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SFF and Queerness – We Need To Do Better

SFF and Queerness – We Need To Do Better


5th Annual Self-Published Fantasy Blog-Off: An Introduction

5th Annual Self-Published Fantasy Blog-Off

SPFBO #5: An Introduction


Hidden Things by Doyce Testerman

Hidden Things by Doyce Testerman
Book Name: Hidden Things
Author: Doyce Testerman
Publisher(s): Harper Voyager
Formatt: Paperback / eBook
Genre(s): Urban Fantasy / Crime
Release Date: August 21, 2012

I have a certain wariness of some subgenres in fantasy. There’s urban fantasy, whose settings I find really interesting but I tend to want all the protagonists to fall off a cliff. And to lose the fixation on European critters of lore. And to lose the private investigator angle. And to stop using first person narration. I don’t think that this is too much to ask, but when looking for books it becomes clear that I must be mistaken.

So when someone tells me that a book is using a modern day rural setting with supernatural whatsits running around, that isn’t using first person narration and there’s nary a whisper about what critters might be contained within and it’s in the context of a discovery roadtrip… Well, color me mildly interested.

Then I started to read it. Then I was definitely interested.

The story is about a girl named Calliope who gets a strange call from her ex and business partner Josh. Later she gets a call from the police telling her Josh has been found dead under suspicious circumstances. Then Josh calls her again. Calli feels the need to figure out what’s going on. So it’s a road trip off to Iowa.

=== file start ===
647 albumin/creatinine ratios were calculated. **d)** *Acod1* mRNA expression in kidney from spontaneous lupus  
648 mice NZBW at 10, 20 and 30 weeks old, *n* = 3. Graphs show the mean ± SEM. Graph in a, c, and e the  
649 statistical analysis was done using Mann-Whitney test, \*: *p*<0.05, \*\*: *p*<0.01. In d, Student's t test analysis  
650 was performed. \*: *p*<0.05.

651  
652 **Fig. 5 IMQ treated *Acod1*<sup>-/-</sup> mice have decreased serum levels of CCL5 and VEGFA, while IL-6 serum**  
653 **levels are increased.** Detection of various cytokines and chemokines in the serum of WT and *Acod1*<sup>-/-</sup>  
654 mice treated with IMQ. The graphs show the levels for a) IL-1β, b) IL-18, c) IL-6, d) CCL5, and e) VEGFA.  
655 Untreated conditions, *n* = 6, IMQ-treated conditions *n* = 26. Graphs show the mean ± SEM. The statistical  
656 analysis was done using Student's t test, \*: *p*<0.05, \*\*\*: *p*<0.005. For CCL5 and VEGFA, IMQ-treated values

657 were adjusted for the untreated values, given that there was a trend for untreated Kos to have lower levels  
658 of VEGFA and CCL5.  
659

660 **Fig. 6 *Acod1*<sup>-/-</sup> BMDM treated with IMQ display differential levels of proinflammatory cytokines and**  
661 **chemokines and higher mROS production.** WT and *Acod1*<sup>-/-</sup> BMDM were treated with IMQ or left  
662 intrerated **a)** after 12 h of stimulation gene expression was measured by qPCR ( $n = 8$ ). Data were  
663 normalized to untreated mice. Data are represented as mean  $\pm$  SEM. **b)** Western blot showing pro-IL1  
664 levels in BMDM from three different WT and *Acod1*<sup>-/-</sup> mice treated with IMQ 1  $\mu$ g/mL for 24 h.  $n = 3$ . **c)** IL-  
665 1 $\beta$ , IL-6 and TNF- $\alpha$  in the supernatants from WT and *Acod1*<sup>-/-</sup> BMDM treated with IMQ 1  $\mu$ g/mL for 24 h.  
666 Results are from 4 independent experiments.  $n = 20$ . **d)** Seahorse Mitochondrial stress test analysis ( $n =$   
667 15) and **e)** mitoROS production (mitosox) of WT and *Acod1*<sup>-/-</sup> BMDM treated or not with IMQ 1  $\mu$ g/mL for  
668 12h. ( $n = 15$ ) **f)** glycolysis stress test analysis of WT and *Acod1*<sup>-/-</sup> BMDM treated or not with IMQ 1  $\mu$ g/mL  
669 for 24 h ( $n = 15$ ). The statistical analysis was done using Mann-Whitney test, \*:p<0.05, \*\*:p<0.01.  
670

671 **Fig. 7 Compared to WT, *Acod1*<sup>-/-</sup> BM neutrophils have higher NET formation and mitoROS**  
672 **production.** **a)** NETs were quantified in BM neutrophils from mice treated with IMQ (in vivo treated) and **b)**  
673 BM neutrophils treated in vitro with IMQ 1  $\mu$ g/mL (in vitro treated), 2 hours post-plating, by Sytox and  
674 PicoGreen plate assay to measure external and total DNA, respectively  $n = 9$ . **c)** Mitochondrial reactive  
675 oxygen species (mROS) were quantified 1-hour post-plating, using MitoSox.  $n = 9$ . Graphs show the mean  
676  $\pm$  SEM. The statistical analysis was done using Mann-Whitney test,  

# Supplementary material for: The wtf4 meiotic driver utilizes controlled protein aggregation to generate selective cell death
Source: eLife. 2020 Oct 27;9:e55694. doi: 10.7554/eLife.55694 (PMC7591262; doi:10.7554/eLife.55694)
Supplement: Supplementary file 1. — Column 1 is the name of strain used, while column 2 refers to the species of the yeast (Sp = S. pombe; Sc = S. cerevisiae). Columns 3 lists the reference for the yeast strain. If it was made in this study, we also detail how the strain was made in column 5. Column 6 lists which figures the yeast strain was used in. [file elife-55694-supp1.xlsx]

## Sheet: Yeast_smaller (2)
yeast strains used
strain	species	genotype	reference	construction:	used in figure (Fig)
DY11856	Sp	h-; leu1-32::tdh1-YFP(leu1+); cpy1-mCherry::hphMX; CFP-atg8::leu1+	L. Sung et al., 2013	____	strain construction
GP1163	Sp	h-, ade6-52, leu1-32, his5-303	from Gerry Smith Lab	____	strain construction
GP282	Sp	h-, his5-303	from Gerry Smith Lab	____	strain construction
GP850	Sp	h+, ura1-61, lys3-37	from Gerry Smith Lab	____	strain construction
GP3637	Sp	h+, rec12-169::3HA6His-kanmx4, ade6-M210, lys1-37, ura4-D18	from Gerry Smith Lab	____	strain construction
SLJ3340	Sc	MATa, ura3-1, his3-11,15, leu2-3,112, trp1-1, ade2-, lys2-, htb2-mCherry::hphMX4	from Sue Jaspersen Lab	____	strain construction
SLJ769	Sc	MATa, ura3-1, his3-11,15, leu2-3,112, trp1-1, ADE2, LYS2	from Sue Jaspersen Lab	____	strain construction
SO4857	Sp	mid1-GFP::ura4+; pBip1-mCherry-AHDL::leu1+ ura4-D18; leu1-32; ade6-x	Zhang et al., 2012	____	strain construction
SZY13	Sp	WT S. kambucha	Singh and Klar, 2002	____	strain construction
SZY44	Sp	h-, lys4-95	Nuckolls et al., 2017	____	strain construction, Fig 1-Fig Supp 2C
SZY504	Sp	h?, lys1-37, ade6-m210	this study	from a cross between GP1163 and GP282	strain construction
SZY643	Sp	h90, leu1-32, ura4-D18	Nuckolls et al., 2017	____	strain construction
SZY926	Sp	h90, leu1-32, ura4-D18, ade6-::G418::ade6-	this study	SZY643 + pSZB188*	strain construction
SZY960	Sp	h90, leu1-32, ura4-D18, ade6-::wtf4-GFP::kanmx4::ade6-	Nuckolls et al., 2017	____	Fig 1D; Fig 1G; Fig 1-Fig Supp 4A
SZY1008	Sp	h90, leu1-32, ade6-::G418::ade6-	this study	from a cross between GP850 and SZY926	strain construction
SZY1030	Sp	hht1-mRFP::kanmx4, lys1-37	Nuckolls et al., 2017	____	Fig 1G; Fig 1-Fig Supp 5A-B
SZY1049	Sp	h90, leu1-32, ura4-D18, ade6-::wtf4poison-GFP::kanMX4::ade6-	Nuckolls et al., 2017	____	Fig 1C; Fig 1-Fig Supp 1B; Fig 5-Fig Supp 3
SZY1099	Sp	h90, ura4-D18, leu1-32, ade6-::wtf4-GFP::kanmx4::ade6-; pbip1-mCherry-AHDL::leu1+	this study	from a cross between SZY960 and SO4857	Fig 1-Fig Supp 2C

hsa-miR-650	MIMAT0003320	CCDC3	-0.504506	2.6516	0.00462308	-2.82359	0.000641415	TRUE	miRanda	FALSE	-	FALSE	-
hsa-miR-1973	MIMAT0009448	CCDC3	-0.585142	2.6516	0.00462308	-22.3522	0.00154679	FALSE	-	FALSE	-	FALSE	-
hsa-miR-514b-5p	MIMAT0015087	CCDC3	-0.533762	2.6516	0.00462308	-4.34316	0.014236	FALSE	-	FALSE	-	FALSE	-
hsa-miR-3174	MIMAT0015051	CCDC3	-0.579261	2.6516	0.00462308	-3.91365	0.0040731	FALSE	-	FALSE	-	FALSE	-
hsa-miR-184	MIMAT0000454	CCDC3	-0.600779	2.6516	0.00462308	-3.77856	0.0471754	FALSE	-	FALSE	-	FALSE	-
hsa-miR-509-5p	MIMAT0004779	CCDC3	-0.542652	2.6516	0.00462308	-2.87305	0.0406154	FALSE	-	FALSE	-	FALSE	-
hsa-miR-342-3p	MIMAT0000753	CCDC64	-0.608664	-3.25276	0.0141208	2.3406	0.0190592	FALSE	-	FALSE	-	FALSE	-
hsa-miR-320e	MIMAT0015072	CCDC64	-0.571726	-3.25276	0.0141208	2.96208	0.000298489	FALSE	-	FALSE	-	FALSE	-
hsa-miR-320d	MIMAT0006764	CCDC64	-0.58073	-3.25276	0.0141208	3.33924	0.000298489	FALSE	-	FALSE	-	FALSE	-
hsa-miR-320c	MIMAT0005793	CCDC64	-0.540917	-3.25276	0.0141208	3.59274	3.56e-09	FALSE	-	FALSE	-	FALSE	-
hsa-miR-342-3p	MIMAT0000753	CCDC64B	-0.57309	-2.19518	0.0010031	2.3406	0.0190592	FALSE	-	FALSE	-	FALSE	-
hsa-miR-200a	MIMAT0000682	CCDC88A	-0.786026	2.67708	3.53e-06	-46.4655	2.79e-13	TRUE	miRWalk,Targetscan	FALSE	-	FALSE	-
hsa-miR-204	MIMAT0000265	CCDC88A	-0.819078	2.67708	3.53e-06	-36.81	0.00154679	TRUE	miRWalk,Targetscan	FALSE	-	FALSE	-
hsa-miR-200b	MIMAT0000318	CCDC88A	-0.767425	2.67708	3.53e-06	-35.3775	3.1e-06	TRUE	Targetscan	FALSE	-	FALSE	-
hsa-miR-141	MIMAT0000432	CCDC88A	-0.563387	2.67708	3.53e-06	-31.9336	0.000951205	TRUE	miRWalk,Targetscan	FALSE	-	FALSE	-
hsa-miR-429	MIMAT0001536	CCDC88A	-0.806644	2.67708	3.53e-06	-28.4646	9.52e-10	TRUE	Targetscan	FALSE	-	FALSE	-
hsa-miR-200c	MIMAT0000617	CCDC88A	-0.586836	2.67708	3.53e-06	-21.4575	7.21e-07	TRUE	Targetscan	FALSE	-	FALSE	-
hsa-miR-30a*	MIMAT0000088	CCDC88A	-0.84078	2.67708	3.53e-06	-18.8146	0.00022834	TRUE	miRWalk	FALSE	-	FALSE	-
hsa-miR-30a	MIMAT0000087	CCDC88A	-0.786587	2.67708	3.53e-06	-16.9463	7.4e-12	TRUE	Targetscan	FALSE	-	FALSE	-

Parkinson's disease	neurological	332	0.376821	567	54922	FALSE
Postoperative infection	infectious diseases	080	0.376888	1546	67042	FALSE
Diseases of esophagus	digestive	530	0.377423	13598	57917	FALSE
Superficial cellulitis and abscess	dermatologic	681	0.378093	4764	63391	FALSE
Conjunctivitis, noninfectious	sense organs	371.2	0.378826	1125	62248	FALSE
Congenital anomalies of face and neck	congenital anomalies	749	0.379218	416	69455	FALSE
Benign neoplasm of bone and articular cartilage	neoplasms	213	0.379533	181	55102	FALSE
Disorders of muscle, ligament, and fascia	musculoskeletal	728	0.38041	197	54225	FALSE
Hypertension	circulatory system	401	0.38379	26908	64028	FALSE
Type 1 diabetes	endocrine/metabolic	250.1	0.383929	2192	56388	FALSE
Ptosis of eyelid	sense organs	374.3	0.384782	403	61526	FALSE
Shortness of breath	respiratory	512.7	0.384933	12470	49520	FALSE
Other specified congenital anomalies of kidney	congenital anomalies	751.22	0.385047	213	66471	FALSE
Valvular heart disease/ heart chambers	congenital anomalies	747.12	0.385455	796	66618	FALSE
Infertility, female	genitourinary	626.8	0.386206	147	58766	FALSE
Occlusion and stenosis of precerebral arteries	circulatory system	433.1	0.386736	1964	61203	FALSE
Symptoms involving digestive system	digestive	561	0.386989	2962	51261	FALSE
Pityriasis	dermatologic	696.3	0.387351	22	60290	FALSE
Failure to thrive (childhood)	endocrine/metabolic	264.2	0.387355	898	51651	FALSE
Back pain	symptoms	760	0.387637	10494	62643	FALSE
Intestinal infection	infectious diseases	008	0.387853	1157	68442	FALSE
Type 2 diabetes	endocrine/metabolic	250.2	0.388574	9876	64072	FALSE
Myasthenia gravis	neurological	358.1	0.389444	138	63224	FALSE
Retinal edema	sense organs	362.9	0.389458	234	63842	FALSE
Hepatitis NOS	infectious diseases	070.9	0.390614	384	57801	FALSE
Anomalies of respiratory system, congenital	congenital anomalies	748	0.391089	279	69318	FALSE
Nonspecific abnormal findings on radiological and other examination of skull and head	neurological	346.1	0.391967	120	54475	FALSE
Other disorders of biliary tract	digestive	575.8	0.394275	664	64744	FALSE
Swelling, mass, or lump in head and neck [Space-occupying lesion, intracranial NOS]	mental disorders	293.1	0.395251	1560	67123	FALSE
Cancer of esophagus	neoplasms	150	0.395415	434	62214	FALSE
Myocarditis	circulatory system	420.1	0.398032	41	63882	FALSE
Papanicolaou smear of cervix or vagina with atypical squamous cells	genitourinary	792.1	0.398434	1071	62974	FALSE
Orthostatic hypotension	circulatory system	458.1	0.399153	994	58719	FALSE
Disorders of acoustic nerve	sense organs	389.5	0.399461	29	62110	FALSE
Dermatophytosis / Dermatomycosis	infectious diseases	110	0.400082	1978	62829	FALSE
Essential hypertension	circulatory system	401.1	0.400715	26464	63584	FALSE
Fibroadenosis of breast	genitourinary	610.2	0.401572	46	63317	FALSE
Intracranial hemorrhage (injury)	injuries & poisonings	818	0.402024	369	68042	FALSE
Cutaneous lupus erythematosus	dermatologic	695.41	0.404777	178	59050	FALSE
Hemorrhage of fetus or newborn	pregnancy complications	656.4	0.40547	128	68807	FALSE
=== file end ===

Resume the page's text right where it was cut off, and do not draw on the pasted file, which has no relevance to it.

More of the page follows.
I really liked this book. Yes, Callie’s day job is as a private investigator, but it’s made pretty clear from the start that her usual fare involves trying to find runaways and cheating spouses. She isn’t trying to be a badass. Point in fact, she never becomes one, which was a nice change of pace. Her family plays a big mental role in it as well. I don’t think the book would have had its quietly sad ending without that visit to them. I appreciated that she was not isolated and that she did face up with some of the emotional demons that she carried through the course of the story.

Vickous manages the amazing feat of being both as creepy as anything that so strongly resembles a clown can be and also endearing as the figure of guide through the stranger parts of the story’s world. I also liked that he did not deliberately push or force Callie into action. It’s her story and he respects it. There are whispers and hints from his past that run as an undercurrent, but Callie is the one in the driver’s seat.

I had a good chuckle at the setting. There are large sections of the Northern Great Plains that are inhabited by next to nothing. What better place to hide creatures of legend? I liked the quietness of it and that it took the time to be quiet at all, considering that it could have just as easily turned into yet another action packed whatever with no time for introspection.

I liked this book with its long road trip, creepy clown man and how it uses the illusion of isolation around the characters to best illustrate that they are not alone in the world, even when they think that they’ve cut all ties. I found it an engrossing, quiet read and will happily read more in that story’s world.


One Comment

  1. I had a good chuckle at the setting. There are large sections of the Northern Great Plains that are inhabited by next to nothing. What better place to hide creatures of legend?

    Yep, indeed, that’s part of Doyce’s conceit in his worldbuilding.

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